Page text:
What we want to measure is the general socioeconomic status factor (if it exists). However, gender can disrupt the analysis. This is because men earn more money but are also more criminal. This may lead to gender specific variance, which is error in the factor analysis. One could regress out the effect of gender, but we instead divide the dataset into two which also allows for easier interpretation of the results.

Age has a strong influence on the variables which may disrupt results. For instance, a very young name will have lower income and a low conviction rate, which will result in high mixedness (Kirkegaard, 2015b). For this reason, we use both the original variables for analysis and a version of them where the effect of age has been partialed out. To do this, we regress every value on age, age2 and age3.

Some cases had some missing datapoints (refer back to Figure 2). We imputed the cases with 2 or fewer missing datapoints and excluded the rest.

Correlation matrices

Before looking at the factor analysis results, we will look at the correlation matrices by gender and together, as well as with and without partialing out the effects of age; Tables 2-4.











































Table 2: Correlation matrix of S variables for both genders. Above diag., age partialed out.











































Table 3: Correlation matrix of S variables for men. Above diag., age partialed out.











































Table 4: Correlation matrix of S variables for women. Above diag., age partialed out.

Below the diagonal, one can see that the linear effect of age is often substantial, while above the diagonal, the linear effect of age is zero, meaning that generally the partialization worked, at least linearly speaking. Generally, the relationships were similar across gender. There are some exceptions. To make them easier to see, Table 5 shows the delta (difference) correlation matrix.











































Table 5: Delta correlation matrix for genders. Higher means mens’ correlations are stronger.

The largest difference for the age-partialed data is the relationship between being married and having no job (recall that this does not include those pensioned). Among female names, there is a strong relationship between unemployment and being married. Perhaps because women are more often reliant on their husbands (being a homemaker) than the reverse, but both correlations were positive. It could also have something to do with Muslim immigrants (about 10% of the population) who are often married and where a large fraction of the women are unemployed.

Factor analyses

The loadings plots are shown in Figure 18.


Figure 18: Loadings plot for factor analyses.

The factors were not particularly strong, as shown in Table 6.


Factor analysis















Table 6: Variance explained by S factors.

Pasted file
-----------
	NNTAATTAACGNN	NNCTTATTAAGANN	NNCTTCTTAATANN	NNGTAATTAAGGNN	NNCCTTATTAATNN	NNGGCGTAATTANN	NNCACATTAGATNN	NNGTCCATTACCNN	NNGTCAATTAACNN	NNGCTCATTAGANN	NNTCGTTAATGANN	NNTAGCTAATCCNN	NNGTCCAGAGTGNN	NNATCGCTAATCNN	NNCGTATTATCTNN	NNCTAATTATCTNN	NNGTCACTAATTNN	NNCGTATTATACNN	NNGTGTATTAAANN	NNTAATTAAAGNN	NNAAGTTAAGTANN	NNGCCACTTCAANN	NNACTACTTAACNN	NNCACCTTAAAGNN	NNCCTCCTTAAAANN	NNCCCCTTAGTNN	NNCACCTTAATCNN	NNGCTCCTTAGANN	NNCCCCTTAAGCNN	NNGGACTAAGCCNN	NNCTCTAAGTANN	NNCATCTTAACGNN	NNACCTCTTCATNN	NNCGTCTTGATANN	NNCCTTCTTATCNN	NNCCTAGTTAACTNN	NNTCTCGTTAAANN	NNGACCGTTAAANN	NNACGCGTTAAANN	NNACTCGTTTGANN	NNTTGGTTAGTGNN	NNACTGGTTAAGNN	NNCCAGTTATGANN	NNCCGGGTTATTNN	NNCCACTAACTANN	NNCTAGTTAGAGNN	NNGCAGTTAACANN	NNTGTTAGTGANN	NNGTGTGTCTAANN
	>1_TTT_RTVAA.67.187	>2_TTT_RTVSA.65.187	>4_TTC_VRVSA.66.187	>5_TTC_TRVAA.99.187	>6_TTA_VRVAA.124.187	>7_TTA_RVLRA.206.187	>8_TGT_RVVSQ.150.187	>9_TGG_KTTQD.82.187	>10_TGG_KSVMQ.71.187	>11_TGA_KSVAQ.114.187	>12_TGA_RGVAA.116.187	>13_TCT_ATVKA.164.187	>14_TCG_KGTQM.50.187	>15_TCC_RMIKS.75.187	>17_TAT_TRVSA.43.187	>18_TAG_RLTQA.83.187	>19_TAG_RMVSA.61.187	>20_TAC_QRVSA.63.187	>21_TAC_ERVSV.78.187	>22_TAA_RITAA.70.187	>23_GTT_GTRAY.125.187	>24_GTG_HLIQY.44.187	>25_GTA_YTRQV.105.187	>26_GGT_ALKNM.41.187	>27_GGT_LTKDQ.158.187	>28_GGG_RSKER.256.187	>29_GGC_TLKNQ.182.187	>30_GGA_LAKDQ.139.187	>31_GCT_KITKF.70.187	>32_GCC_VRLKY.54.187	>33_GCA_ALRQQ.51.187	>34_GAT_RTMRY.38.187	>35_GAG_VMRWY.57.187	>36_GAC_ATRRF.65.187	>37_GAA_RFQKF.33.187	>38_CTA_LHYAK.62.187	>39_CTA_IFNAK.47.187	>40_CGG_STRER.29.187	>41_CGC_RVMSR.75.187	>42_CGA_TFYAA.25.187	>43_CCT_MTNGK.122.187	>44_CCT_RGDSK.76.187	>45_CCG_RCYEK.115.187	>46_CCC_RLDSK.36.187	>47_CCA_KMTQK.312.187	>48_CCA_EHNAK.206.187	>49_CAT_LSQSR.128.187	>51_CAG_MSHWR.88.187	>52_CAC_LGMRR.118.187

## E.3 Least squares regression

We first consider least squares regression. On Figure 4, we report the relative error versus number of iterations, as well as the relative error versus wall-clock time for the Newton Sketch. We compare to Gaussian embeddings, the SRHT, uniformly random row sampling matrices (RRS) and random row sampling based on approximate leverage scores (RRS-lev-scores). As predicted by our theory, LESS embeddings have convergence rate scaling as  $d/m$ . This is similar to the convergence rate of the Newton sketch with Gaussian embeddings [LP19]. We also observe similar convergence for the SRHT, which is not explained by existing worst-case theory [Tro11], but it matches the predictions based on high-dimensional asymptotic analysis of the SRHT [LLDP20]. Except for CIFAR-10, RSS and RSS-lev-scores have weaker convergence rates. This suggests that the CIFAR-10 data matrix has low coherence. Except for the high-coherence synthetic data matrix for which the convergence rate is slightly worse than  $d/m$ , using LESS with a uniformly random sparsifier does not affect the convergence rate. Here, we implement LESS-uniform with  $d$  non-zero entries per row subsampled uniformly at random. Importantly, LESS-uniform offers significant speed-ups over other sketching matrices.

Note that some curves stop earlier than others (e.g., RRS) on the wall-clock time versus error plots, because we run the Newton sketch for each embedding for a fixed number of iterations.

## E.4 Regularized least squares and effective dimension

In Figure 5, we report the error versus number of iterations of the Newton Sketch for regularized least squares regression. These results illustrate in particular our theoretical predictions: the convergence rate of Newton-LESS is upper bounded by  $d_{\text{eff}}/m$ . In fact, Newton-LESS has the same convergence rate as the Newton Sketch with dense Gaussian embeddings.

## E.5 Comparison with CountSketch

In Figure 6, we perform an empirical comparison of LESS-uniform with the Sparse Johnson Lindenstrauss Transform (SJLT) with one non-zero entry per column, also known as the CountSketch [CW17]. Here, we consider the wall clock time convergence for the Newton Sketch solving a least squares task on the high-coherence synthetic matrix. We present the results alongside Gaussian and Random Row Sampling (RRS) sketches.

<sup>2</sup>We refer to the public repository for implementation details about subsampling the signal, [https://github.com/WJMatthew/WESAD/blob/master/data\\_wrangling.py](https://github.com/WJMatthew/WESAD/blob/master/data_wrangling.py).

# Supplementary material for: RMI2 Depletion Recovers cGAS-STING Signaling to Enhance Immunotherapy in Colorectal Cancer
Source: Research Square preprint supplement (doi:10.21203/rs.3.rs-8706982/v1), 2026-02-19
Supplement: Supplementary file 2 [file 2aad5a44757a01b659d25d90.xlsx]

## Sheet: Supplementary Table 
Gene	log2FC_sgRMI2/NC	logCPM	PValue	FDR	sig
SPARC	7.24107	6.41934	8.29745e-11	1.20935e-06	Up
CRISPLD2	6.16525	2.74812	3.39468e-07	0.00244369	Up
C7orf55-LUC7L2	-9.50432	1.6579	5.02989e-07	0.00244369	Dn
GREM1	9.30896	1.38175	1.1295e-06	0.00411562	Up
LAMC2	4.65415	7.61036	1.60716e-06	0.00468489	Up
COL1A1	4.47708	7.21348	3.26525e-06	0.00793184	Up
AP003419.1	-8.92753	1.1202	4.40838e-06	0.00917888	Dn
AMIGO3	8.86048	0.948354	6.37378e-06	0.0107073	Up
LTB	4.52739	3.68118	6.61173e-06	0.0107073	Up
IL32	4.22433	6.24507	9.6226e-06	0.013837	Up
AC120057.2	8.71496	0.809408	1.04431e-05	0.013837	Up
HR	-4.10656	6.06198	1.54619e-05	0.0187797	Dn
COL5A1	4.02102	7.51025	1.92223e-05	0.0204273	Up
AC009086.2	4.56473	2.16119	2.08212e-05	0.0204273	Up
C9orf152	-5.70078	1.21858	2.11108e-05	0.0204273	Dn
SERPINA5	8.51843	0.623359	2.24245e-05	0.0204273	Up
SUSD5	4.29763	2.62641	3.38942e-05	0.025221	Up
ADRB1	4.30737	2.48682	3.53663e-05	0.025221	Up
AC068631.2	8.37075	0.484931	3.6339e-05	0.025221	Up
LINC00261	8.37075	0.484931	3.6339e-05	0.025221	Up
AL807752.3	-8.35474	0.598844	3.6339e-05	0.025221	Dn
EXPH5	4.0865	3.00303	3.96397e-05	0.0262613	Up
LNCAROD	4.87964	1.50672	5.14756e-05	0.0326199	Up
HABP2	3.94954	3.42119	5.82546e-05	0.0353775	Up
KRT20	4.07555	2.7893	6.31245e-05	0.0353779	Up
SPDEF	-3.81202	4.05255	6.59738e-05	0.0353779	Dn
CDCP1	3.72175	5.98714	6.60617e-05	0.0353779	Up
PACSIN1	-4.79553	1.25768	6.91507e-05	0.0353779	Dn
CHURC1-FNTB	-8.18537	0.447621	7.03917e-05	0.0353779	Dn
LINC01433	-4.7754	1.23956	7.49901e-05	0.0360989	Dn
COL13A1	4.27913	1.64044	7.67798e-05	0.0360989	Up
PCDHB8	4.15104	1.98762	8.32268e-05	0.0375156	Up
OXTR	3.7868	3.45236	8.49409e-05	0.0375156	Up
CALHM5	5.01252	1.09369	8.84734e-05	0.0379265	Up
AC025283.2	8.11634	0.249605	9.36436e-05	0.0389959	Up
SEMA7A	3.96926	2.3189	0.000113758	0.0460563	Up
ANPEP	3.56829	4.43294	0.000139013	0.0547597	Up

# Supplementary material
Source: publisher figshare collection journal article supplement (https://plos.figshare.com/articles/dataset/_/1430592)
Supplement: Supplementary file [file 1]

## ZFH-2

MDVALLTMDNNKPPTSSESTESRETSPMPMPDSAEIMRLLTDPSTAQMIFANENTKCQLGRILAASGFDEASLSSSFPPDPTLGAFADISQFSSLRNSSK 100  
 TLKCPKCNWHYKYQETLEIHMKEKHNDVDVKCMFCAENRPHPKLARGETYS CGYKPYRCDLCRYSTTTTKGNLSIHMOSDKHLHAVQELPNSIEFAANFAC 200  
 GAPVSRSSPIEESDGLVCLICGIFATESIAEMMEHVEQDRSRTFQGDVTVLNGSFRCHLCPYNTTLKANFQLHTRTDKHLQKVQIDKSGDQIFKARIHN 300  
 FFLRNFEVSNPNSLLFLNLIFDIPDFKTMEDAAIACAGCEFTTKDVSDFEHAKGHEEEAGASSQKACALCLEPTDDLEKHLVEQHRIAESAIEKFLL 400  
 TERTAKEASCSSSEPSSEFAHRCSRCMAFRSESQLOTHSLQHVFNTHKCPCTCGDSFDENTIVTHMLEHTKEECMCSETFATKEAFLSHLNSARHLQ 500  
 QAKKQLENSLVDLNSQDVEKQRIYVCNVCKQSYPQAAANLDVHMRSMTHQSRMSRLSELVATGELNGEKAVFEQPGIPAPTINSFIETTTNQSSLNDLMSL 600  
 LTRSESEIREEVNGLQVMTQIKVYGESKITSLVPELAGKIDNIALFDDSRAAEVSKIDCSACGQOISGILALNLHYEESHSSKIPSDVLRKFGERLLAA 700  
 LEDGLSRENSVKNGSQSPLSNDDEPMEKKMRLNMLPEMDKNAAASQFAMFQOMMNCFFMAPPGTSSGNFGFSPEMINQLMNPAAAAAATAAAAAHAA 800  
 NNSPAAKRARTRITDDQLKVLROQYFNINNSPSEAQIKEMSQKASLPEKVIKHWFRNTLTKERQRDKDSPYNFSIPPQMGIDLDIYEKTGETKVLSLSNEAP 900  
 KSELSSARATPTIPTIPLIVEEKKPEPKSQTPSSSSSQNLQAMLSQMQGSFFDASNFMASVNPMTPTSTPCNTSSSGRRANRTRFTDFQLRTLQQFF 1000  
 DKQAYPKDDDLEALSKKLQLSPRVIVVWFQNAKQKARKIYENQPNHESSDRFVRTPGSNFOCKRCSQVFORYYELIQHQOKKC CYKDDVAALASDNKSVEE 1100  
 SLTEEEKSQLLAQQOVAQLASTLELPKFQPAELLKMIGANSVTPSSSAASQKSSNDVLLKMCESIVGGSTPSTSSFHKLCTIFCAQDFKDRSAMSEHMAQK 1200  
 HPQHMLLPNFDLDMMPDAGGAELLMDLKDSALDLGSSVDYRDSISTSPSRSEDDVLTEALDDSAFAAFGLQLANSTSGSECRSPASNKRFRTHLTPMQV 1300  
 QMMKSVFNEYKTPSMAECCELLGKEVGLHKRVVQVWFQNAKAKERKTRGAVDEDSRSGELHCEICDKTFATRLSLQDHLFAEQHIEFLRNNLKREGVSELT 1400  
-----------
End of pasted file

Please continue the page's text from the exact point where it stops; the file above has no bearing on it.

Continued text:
The factors decreased in size after correcting for age, which could be because age was inflating the factor size, or because the correction was too strong. The gender difference in the marriage indicator is strong: about 0 vs. about .5 after age correction. Notice that the has loadings near 1, so the S factor is about equal to variable in these datasets. It is probably an indicator sampling error that would be corrected if more indicators of greater diversity were available.5 Some previous S factor studies have found the same when only a few indicators were used, e.g. Kirkegaard (2015a, first analysis).

Still, the factor loadings are in the expected directions for all variables in all analyses.

Given the similar factor loadings, one would also expect the extracted factor scores to be similar, which Table 7 shows them to be.





























Table 7: Correlations between S factors across analyses.

Note: The apparently missing values are because the data does not overlap. There are no scores for men in the S factor analyses with only women.

Using age bins instead

In the above analyses, we have analyzed data for all ages both with and without partialing the effects of age out. However, age may be insufficiently dealt with by the chosen correction method, and its effect may be so strong that not correcting for it also leads to spurious results. Hence we employed a third method, that of age bins. The dataset is large enough that we can split it up into age groups, say 20-25 as well as age and analyze each subgroup separately. While this does not entirely remove the age effect, it is more likely to not introduce any spurious effects over-correction effects.

Concretely, we analyzed subgroups within 5 year bracket starting at age 20-25 and stopping at age 50-55. We do this for both genders together, and separately. The analysis procedure is the same as above, namely extracting the general factor, examining the loadings and the factor sizes. Figures 19-21 show the factor loadings by age bin for both genders together, and each separately.


Figure 19: Factor loadings by age bins, both genders together


Figure 20: Factor loadings by age bins, males only


Figure 21: Factor loadings by age bins, females only